Now that this year’s Imagine Cup World Finals is over, we’ve had a chance to reflect on all of the amazing young people we met during the exciting week in Seattle. Though all of the teams were impressive, we feel compelled to acknowledge some of the female student developers who are helping change the face of the competition.

Not only did we have three all-girl teams this year, but 18 of the 34 teams that competed included young women. This may not seem like an especially large number, but computer science is a field that has long been dominated by males. We hope the increase we’ve seen in young women participating in the Imagine Cup is a sign of what’s to come.

According to the U.S. Department of Education, only 17.6 of computer science bachelor’s degrees were given to women in 2011. Many girls don’t think of computer science as a viable career option, even though it is one of the fastest growing fields in the world. To see increases in the numbers of female developers at Imagine Cup is exciting.   

The inspirational young women on the three female teams showed the world what girls with a passion for programming can accomplish and they are helping change the perception of what a developer looks like. 

Meet Team AfriGal Tech from Uganda. These four young women created a life-saving app in the World Citizenship category. Their solution mDex detects sickle cell anemia through a mobile phone! As software engineering students, they wanted to combine their love for technology with affordable medical solutions. They are currently raising money and hope to have the product on the market by next year. We caught up with them to ask what it was like to be a young woman at Imagine Cup.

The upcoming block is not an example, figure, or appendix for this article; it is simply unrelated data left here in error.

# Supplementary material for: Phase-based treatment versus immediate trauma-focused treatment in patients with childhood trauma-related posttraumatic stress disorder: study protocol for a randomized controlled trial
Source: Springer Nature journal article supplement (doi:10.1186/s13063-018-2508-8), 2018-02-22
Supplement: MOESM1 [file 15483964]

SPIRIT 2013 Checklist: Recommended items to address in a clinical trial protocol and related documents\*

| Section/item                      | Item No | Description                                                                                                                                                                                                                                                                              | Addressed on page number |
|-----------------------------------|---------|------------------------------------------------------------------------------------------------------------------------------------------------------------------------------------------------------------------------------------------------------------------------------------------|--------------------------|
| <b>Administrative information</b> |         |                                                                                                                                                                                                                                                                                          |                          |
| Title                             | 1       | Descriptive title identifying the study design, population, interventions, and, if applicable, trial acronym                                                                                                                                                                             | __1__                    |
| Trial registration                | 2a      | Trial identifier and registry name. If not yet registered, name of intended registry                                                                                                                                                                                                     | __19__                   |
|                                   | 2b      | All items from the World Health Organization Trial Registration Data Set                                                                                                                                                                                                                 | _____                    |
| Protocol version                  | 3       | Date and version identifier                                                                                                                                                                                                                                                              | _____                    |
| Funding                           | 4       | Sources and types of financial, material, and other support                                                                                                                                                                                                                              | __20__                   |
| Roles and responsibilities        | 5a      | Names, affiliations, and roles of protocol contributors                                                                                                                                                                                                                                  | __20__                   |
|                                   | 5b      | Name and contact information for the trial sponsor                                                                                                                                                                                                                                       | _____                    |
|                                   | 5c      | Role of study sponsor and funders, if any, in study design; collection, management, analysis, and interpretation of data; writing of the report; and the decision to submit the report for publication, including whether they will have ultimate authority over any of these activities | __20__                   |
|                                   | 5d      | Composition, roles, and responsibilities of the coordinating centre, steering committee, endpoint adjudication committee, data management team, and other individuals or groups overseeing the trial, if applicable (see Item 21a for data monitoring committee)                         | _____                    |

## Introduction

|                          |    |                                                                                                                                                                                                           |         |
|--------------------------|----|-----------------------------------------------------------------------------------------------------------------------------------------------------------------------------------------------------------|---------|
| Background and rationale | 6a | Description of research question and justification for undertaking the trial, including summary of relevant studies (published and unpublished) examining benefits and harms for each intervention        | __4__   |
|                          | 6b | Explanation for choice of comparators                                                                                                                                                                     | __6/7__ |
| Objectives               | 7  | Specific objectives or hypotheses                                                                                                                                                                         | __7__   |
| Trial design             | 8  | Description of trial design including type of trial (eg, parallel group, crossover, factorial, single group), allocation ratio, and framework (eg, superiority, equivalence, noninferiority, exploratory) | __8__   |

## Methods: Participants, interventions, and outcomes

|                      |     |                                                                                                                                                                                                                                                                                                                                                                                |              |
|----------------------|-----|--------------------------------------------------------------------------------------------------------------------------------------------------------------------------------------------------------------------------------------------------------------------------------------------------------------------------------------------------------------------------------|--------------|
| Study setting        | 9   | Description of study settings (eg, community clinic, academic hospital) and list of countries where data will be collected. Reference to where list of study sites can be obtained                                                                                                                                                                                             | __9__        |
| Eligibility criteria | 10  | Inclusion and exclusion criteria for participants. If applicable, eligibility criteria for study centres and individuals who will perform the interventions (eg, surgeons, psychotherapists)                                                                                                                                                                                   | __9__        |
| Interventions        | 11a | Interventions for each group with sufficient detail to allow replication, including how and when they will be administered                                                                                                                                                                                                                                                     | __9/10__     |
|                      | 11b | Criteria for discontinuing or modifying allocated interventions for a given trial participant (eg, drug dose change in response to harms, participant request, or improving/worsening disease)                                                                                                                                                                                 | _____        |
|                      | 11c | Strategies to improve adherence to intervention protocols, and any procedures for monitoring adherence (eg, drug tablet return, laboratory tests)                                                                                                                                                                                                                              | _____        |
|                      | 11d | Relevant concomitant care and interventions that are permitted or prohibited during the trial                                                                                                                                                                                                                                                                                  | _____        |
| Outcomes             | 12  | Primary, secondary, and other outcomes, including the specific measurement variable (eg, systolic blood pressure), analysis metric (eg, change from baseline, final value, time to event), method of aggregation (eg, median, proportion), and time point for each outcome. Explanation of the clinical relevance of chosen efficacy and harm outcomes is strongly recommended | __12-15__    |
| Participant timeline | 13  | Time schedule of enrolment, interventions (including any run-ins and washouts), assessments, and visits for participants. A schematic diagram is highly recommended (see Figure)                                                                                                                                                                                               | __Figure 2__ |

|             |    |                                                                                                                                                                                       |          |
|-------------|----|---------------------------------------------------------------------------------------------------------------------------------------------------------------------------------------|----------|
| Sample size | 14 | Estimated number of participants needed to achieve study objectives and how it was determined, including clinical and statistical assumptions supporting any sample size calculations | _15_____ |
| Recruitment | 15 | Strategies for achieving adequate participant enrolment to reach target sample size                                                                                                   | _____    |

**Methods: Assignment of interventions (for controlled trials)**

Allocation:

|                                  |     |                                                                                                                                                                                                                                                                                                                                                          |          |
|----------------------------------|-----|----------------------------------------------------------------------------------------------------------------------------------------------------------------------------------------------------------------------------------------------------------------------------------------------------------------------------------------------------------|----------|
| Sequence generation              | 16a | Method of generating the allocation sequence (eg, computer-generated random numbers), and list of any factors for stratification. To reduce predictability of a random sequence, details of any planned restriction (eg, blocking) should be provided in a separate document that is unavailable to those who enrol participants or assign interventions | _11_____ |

“It was so exciting to be in a competition that is thought to be for males,” said Rebecca Arono, the lead developer for AfriGal Tech. “We are writing code that solves real global problems and proving that ladies can do this too.”

In addition to showing off their project, Imagine Cup showed them the importance of serving as mentors to other young female developers. “We want to tell the girls out there not to let anyone influence their thoughts or decisions,” continued Rebecca. “Seek advice and inspiration from ladies who have made it in the tech industry.”

Team Butterfly from Bahrain won third place in the Innovation category. The team of two young women is working to bring technology into the fashion world. They used hardware and software to make a nail polish color creator that can mix a one-time application of any color instantly. Alaa Abdulraheem and Marwa Buhaila are working on bring their product to market while finishing up school.

“We were very proud to show the whole world that girls can build their dreams and make their dreams come true,” said Alaa. “Any woman can achieve what any man can if she believes in her idea, trusts her skills and works very hard. Never give up ladies!”

We also spoke to Team I Copy You from Qatar who competed in the World Citizenship category. These young women made a robot that helps kids with autism by attracting attention and capturing movements. They said the Imagine Cup was a life-changing experience.

“We received so much support and encouragement,” said Wa’ed Hakouz. “Imagine Cup gave us the opportunity to show that we can be creators and helpers and the limits of creating and help are not bound by gender or age.”

“To the young women out there, we say ‘Go for it!’ Believe in what you know and work hard and you will earn incredible recognition.”

We agree! Closing the computer science learning gap is important for the success of today’s young women. In the United States alone, there are projections of 1.5 million computer science-related jobs by 2018. In order to fill those jobs, we encourage both men and women to learn these skills. This year’s female competitors were shining examples of what is to come, and we hope to see the numbers continue to rise!